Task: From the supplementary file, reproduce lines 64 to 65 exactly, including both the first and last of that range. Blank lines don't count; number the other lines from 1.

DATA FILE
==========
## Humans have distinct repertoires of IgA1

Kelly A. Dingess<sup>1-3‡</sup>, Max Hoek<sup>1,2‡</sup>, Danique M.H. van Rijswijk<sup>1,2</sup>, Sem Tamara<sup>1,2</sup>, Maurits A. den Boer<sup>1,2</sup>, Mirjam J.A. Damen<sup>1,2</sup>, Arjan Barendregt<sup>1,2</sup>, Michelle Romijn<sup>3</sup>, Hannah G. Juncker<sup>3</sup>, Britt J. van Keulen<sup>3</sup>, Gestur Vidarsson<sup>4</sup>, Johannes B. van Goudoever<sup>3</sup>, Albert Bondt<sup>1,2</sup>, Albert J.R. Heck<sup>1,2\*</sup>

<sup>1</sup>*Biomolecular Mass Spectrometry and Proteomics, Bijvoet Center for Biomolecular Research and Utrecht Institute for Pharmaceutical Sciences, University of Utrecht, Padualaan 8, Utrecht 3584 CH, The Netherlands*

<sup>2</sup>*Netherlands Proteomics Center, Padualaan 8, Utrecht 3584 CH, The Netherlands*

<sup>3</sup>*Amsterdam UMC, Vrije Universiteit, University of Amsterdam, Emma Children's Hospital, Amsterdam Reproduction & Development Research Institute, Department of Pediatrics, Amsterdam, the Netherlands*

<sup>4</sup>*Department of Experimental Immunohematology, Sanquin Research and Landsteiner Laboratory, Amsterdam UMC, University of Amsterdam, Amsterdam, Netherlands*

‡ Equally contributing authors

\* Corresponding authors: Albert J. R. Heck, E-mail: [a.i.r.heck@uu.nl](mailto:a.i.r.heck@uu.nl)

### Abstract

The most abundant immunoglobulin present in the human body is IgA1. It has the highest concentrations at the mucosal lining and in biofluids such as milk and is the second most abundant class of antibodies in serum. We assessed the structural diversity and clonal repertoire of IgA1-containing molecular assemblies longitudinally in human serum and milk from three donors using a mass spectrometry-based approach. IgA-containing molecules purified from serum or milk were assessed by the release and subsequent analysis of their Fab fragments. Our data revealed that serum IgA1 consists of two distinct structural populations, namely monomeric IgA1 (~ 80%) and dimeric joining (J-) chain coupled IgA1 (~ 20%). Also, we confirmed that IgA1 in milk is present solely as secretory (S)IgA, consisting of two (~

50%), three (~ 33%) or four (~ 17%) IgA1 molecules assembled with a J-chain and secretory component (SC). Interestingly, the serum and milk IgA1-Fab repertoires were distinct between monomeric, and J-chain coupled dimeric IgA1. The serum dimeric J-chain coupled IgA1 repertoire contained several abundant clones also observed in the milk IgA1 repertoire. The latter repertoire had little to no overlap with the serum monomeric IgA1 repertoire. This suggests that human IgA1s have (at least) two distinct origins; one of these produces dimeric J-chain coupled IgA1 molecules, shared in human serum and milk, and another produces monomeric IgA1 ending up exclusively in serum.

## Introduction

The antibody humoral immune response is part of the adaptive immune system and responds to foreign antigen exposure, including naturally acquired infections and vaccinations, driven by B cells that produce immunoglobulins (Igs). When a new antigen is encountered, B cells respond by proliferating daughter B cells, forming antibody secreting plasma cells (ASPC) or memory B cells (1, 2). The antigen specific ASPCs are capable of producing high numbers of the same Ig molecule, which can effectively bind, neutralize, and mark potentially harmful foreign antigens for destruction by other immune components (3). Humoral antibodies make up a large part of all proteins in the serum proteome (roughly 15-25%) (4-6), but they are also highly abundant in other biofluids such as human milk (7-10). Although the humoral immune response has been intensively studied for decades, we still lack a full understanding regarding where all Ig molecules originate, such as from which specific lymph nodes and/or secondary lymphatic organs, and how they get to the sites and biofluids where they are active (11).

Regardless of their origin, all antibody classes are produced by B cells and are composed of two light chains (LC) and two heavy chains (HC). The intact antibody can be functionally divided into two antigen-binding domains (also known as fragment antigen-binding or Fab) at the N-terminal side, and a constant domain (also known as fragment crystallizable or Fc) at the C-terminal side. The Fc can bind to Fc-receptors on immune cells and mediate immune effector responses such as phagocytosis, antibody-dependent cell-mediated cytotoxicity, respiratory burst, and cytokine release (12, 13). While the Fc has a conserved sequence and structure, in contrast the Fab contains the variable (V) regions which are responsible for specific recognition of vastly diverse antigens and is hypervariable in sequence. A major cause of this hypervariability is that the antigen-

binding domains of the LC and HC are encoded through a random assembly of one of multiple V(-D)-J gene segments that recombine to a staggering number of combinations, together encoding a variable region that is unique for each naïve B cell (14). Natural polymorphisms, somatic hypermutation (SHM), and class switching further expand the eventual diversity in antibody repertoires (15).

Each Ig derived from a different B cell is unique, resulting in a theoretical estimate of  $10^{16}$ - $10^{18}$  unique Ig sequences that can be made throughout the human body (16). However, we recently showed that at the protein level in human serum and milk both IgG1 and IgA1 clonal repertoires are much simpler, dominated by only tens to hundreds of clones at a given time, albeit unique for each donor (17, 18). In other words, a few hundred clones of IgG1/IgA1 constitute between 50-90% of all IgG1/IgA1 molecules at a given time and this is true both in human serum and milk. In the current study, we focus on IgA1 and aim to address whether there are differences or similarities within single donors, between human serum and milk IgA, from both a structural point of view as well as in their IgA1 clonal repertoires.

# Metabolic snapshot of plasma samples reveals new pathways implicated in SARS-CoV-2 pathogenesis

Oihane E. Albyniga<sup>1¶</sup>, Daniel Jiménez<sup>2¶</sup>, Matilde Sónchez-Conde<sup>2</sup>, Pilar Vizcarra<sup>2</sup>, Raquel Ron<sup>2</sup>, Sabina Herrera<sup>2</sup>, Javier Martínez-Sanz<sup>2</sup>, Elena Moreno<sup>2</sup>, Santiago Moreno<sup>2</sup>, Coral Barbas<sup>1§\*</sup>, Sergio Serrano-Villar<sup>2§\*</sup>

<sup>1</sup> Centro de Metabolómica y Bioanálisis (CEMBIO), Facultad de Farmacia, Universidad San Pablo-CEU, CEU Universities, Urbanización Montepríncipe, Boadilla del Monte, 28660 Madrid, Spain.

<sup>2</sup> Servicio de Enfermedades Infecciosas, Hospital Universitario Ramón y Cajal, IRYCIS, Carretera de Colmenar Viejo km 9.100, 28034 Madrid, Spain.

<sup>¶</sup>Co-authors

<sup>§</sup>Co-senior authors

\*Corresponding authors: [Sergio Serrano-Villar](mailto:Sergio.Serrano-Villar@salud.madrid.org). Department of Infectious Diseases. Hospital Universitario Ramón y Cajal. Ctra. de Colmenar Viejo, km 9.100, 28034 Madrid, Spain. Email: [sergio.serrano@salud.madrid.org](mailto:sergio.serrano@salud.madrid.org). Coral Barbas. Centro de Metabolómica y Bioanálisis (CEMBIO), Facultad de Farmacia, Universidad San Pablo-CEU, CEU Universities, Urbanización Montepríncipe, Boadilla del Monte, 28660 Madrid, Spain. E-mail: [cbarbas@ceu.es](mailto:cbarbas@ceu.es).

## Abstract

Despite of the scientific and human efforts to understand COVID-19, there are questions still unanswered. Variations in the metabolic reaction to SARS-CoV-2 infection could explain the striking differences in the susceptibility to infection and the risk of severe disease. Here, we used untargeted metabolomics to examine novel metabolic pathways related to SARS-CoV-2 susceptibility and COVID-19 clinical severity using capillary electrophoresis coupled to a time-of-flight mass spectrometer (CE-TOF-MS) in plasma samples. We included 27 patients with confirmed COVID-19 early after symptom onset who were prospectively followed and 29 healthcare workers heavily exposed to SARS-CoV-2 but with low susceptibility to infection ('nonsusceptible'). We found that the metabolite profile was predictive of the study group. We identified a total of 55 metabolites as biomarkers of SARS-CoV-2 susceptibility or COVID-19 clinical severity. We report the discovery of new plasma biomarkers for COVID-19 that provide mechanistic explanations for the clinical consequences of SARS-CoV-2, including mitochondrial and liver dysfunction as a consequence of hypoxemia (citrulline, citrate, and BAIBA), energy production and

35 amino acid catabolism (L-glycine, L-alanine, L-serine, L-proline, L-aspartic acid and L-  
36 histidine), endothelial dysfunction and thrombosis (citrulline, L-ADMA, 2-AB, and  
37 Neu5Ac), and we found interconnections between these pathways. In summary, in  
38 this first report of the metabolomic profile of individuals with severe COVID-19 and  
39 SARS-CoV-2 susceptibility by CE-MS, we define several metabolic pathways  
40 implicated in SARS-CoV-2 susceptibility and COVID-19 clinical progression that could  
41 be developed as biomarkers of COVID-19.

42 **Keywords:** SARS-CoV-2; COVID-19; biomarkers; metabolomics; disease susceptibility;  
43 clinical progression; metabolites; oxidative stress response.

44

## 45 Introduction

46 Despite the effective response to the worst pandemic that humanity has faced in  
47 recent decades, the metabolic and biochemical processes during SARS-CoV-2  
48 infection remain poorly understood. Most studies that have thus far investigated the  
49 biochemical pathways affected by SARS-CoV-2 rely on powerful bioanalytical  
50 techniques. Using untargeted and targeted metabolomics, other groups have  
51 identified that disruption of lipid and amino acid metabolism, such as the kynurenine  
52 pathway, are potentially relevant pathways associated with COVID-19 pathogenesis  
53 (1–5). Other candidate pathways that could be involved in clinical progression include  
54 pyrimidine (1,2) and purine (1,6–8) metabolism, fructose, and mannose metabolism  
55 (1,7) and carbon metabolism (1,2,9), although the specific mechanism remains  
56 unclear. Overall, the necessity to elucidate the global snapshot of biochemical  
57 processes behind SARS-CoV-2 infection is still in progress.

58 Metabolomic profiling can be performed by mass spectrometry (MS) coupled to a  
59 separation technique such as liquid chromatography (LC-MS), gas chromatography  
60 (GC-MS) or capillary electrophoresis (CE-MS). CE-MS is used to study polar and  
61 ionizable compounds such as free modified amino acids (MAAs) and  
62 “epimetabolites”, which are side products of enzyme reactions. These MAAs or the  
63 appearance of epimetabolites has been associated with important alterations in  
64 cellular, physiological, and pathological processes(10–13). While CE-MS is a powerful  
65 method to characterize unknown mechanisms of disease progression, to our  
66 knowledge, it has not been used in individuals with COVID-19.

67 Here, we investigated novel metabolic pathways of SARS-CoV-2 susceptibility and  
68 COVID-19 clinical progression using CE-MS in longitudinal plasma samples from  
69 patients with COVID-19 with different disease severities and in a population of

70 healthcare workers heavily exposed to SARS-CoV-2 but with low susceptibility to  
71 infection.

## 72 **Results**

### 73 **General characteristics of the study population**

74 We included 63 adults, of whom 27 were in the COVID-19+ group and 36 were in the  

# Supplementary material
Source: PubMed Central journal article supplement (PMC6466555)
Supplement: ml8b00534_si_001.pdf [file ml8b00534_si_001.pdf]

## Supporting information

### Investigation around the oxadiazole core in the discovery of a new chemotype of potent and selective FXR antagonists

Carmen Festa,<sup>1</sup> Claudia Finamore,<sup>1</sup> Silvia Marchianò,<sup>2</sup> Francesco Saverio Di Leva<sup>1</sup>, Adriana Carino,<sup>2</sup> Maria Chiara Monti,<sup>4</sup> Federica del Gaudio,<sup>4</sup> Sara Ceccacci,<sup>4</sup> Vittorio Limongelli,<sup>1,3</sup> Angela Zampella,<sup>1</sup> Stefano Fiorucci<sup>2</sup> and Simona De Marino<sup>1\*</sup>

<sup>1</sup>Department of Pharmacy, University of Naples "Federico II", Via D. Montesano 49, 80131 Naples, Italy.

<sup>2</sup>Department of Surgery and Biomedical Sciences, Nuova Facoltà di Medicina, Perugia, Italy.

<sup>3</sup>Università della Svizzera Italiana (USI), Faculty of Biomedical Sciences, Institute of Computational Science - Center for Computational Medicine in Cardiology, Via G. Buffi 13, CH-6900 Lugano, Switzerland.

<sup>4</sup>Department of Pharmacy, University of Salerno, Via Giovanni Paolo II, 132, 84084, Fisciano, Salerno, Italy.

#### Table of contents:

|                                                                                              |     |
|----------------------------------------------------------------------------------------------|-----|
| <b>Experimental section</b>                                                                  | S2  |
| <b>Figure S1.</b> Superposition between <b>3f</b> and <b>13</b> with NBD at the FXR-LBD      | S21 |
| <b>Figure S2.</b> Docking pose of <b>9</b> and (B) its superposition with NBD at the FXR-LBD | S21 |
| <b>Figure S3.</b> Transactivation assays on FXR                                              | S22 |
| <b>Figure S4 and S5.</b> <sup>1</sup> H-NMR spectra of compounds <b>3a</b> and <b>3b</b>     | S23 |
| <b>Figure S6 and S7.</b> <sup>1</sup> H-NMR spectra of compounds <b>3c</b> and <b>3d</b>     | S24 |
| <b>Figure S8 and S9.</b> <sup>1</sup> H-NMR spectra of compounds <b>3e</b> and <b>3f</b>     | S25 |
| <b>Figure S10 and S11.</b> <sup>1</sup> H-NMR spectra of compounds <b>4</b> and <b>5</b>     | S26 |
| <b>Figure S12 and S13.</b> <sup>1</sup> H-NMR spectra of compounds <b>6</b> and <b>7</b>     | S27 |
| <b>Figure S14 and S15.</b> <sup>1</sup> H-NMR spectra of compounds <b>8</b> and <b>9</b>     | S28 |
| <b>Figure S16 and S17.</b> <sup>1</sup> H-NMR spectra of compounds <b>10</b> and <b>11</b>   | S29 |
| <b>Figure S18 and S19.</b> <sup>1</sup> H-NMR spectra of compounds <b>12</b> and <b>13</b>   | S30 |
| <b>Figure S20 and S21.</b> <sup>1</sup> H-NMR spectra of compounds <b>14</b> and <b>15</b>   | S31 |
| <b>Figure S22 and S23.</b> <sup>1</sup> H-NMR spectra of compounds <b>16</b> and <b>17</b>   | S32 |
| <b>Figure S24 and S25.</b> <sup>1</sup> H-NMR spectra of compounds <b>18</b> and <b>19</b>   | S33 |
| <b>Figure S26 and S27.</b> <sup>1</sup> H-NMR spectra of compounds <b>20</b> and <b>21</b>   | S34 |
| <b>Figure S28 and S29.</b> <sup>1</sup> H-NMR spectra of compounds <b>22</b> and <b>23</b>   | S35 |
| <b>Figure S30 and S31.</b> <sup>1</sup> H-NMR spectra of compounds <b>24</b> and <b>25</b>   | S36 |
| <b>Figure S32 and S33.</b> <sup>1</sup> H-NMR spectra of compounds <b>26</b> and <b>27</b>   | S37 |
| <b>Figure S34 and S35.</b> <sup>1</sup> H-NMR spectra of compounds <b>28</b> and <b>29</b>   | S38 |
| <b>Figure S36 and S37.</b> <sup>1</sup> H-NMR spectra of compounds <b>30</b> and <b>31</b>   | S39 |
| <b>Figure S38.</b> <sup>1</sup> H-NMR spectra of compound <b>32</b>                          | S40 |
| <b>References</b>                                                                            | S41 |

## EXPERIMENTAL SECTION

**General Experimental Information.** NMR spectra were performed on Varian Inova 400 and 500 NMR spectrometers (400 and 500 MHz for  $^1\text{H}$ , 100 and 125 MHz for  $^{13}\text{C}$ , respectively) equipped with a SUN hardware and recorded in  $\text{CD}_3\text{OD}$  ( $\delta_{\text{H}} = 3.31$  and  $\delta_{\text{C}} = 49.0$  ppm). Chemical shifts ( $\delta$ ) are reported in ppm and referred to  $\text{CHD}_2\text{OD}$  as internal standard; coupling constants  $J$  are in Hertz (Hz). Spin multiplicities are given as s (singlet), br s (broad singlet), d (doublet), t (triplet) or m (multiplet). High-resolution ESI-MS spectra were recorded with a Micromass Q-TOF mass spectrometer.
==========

### 73 **General characteristics of the study population**

74 We included 63 adults, of whom 27 were in the COVID-19+ group and 36 were in the  